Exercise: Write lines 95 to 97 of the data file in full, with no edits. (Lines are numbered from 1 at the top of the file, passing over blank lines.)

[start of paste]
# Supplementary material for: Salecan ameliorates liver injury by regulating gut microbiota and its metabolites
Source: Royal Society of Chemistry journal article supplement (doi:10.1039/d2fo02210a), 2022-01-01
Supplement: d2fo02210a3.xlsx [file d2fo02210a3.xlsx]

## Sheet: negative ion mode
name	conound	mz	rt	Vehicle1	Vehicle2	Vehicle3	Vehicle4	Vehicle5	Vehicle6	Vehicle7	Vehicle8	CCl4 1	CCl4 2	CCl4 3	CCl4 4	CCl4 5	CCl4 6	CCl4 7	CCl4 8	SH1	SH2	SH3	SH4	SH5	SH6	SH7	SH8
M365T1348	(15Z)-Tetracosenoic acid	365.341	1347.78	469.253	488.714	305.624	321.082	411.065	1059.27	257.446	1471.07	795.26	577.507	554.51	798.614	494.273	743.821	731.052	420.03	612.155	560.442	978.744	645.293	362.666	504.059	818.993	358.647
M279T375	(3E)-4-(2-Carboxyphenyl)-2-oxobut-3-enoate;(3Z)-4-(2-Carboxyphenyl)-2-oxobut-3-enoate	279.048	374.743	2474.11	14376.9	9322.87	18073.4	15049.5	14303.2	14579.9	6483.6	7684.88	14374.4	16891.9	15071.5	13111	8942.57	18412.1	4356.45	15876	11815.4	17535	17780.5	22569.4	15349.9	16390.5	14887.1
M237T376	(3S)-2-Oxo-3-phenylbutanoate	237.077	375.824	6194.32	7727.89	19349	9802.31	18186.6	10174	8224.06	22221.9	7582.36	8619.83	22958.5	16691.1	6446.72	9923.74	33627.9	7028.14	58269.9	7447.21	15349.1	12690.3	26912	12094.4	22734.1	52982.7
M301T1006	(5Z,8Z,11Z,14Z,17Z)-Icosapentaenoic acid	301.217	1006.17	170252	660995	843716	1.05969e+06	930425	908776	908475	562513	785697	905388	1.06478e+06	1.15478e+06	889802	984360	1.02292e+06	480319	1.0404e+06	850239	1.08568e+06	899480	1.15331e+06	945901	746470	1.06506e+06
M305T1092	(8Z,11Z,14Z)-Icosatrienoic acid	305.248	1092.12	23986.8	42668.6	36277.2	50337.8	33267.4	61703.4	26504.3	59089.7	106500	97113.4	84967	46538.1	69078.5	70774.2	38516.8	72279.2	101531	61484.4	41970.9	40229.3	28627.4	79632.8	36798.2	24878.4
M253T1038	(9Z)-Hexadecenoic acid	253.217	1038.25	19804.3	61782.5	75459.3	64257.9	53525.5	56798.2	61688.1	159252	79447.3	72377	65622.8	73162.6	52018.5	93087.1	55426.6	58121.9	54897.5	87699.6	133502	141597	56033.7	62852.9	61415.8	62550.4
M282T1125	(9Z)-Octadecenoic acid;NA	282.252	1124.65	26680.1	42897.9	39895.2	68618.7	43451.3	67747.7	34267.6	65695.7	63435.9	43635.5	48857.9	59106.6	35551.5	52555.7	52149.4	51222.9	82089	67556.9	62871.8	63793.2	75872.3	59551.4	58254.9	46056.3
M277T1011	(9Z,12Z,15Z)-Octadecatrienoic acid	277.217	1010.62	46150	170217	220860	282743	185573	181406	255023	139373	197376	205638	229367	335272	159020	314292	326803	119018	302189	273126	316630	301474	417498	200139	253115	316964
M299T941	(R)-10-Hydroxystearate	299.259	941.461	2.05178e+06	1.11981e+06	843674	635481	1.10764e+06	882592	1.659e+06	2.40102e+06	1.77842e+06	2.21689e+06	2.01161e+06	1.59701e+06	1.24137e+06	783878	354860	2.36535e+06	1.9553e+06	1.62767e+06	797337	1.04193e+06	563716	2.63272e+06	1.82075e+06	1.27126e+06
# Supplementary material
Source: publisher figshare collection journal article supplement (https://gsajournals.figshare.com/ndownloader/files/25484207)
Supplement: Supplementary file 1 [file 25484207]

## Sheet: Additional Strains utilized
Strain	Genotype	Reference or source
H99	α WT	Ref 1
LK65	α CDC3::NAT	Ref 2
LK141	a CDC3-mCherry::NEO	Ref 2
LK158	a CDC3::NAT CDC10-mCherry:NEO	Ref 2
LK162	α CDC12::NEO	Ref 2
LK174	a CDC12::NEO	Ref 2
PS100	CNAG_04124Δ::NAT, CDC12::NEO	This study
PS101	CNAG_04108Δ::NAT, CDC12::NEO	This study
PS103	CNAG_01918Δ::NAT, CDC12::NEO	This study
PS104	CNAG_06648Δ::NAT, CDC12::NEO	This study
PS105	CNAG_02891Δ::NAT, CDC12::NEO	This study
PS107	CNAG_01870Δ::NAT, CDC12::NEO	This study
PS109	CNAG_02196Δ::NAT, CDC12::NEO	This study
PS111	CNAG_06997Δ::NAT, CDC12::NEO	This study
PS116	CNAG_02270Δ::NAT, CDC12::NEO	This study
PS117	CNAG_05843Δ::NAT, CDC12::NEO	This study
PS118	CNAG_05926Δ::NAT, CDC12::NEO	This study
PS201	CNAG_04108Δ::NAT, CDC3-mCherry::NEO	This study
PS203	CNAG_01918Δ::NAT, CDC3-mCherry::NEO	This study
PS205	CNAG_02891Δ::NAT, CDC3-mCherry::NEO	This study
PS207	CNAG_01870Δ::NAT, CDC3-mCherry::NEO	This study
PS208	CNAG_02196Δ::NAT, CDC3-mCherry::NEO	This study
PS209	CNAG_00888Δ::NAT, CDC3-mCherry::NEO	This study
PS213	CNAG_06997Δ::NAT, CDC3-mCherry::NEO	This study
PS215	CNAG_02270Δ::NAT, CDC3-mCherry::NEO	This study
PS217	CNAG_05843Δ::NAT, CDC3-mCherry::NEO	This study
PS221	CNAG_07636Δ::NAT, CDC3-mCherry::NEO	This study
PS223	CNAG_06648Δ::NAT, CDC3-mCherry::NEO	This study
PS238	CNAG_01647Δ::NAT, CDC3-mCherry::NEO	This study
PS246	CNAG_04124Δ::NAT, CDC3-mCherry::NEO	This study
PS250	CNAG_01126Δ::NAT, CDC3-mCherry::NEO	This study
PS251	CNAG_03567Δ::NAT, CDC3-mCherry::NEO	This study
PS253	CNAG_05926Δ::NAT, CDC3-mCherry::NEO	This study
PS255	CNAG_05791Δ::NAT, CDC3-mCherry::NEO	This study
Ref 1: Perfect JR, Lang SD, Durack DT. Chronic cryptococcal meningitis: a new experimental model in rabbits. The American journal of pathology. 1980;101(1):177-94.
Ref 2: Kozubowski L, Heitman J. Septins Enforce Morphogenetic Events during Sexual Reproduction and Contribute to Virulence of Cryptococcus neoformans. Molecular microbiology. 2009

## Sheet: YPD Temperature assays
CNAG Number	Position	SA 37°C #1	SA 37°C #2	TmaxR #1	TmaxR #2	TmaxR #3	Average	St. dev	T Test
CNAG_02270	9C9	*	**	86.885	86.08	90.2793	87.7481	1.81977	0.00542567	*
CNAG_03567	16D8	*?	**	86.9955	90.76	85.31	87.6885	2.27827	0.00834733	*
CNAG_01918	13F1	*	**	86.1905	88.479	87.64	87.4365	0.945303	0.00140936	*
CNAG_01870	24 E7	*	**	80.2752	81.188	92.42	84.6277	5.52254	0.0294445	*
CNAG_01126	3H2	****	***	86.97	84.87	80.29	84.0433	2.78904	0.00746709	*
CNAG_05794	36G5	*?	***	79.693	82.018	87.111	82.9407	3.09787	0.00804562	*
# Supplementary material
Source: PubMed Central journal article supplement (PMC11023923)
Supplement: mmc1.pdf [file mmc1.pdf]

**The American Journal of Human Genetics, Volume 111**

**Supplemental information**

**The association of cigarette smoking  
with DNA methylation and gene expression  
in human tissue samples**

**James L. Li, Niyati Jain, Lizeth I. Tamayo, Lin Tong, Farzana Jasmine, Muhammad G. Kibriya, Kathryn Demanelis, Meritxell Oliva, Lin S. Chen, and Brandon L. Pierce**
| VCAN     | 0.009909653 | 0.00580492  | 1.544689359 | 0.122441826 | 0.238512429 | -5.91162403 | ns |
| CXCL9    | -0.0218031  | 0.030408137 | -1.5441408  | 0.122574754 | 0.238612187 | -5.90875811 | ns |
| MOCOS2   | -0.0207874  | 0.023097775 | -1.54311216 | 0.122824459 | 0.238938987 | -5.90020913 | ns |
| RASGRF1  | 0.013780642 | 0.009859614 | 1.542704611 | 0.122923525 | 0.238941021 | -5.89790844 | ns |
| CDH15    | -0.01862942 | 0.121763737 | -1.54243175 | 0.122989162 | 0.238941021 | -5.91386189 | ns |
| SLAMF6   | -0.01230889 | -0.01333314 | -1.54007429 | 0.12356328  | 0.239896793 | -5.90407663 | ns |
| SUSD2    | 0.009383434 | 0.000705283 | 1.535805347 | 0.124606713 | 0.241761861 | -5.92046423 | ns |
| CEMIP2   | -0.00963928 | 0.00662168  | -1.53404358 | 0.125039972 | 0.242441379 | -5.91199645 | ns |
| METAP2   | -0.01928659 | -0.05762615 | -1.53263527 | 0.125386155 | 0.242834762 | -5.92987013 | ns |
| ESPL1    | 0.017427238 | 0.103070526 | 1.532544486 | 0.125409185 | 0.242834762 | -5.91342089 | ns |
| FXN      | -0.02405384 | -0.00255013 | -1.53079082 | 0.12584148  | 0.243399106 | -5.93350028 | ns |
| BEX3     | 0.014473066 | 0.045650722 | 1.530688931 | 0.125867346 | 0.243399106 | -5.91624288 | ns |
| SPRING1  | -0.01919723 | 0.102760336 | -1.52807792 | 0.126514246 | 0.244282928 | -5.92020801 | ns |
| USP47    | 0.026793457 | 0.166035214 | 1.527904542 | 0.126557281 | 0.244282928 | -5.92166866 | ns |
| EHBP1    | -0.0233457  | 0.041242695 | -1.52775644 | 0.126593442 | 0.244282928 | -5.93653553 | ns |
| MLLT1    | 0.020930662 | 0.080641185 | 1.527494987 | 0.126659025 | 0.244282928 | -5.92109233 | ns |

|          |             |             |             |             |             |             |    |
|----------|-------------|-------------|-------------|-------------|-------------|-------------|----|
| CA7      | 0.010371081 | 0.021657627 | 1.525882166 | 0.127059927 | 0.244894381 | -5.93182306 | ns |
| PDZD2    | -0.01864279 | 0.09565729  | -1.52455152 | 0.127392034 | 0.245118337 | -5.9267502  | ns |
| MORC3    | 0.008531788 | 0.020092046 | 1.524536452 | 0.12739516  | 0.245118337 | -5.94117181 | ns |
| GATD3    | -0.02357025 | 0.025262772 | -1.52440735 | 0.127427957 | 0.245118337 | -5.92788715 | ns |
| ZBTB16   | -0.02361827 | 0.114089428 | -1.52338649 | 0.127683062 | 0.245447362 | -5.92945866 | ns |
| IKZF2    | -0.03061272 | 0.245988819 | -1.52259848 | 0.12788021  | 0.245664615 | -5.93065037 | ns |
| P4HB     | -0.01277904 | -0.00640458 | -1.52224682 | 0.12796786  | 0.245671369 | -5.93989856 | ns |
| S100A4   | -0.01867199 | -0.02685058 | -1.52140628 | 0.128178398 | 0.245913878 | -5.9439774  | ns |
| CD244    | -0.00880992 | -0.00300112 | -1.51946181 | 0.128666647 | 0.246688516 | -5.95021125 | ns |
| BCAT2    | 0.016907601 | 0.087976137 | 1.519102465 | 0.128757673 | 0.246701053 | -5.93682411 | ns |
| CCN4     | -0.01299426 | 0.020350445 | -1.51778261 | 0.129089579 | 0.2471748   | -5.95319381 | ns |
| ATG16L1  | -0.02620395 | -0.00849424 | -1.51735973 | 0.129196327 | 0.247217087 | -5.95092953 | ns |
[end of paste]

| ZBTB16   | -0.02361827 | 0.114089428 | -1.52338649 | 0.127683062 | 0.245447362 | -5.92945866 | ns |
| IKZF2    | -0.03061272 | 0.245988819 | -1.52259848 | 0.12788021  | 0.245664615 | -5.93065037 | ns |
| P4HB     | -0.01277904 | -0.00640458 | -1.52224682 | 0.12796786  | 0.245671369 | -5.93989856 | ns |